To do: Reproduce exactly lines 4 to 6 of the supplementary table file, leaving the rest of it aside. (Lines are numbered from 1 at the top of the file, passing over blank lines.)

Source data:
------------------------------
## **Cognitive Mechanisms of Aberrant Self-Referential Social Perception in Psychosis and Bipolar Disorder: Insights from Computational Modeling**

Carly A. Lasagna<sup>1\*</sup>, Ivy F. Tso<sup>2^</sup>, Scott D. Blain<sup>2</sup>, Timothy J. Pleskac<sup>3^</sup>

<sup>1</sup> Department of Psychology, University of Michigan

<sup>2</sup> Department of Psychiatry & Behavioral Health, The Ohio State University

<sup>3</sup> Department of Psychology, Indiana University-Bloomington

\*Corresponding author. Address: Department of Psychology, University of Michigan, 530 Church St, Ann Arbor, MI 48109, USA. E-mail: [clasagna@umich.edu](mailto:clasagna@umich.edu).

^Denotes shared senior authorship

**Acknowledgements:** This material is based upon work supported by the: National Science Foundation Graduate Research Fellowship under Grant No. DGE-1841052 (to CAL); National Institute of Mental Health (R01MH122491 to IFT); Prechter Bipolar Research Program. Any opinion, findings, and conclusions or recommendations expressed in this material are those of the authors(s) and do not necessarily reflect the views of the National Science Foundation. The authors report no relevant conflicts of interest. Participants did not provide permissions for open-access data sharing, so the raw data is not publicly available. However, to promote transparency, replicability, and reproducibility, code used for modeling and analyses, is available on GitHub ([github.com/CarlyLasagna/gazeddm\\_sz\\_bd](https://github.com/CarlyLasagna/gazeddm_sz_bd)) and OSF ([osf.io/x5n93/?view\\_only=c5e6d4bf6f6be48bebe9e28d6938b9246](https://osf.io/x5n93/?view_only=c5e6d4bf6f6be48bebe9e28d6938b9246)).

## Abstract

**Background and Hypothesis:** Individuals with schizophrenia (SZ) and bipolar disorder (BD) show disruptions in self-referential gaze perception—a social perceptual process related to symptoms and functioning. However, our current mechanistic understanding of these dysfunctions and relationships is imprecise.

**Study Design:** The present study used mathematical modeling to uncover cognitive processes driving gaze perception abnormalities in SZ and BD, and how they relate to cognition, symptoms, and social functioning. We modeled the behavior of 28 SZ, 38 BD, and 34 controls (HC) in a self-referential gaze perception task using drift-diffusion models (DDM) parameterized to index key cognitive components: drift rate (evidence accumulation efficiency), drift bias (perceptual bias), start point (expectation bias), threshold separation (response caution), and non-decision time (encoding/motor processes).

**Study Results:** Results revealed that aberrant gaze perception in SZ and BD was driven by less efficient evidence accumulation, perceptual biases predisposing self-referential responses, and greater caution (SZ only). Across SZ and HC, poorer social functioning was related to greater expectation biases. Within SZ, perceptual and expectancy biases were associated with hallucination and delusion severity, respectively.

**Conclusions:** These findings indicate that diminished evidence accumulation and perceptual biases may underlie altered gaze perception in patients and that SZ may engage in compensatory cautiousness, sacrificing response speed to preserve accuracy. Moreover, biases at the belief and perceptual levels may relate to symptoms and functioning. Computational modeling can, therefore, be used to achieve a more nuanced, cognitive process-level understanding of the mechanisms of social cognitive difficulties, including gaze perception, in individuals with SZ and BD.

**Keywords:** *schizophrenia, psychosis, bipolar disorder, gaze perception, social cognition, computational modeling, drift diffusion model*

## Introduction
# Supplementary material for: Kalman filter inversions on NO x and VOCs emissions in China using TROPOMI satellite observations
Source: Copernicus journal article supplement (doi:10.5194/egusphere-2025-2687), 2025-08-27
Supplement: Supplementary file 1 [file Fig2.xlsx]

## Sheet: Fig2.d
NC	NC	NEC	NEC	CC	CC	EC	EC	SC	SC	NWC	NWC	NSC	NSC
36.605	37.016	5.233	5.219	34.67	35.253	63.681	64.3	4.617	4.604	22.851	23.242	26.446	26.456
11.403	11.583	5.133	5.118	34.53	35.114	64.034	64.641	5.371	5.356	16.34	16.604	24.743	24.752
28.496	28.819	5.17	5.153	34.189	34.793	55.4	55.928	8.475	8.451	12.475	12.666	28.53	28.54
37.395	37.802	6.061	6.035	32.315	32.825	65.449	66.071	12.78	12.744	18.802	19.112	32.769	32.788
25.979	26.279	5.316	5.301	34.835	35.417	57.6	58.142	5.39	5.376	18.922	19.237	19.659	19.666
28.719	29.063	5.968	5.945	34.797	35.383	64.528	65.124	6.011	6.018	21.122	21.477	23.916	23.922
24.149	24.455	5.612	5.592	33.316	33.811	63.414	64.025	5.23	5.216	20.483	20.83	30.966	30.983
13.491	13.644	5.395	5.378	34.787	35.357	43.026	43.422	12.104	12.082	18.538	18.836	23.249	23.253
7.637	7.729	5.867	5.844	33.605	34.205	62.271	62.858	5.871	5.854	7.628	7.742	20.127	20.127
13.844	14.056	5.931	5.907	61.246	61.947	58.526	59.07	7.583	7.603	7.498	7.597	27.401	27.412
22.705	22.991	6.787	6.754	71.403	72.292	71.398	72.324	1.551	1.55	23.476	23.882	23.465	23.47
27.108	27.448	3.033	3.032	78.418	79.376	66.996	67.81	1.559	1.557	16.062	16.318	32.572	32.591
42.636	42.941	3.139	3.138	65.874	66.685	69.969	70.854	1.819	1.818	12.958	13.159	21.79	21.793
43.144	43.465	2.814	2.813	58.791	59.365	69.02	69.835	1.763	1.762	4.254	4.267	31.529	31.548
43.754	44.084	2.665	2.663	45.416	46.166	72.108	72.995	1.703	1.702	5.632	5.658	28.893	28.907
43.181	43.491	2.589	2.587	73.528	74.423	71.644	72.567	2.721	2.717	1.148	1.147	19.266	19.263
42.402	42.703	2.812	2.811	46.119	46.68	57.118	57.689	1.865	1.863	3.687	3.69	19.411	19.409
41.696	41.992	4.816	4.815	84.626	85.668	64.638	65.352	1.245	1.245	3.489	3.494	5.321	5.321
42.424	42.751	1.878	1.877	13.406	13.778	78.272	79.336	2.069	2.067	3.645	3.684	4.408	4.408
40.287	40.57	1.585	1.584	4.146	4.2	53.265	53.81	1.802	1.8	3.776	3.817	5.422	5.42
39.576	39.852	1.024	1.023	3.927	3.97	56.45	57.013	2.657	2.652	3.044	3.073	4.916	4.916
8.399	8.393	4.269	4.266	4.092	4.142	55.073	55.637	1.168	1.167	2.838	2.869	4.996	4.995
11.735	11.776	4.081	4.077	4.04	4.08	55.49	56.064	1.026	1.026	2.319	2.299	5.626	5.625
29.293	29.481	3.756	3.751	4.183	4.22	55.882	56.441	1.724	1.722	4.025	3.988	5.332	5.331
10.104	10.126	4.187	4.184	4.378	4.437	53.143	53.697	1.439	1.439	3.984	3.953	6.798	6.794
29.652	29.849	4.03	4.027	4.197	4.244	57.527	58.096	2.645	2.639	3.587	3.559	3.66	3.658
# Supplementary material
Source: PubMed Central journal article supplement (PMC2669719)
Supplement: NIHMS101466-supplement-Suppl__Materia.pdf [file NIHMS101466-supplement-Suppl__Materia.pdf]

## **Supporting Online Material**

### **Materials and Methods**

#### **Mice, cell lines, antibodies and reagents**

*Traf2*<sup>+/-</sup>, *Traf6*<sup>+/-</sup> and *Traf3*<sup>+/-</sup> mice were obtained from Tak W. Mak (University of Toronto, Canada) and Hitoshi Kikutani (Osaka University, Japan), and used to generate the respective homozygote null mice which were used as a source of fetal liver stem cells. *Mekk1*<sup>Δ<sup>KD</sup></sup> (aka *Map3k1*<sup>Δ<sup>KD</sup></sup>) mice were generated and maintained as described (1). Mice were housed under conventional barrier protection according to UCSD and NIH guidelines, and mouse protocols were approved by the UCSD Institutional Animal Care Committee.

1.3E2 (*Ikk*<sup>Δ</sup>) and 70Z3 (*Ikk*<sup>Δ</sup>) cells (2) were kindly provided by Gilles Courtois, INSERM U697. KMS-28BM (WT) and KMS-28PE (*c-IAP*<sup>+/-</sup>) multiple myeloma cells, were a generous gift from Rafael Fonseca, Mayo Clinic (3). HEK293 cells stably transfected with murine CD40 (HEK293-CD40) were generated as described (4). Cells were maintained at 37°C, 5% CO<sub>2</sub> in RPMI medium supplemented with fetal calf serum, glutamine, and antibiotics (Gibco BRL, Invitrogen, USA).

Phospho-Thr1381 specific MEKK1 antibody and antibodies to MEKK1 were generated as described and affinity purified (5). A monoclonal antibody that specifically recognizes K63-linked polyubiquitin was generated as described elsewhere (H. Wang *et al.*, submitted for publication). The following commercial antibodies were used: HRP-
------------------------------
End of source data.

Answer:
<sup>2</sup> Department of Psychiatry & Behavioral Health, The Ohio State University

<sup>3</sup> Department of Psychology, Indiana University-Bloomington

\*Corresponding author. Address: Department of Psychology, University of Michigan, 530 Church St, Ann Arbor, MI 48109, USA. E-mail: [clasagna@umich.edu](mailto:clasagna@umich.edu).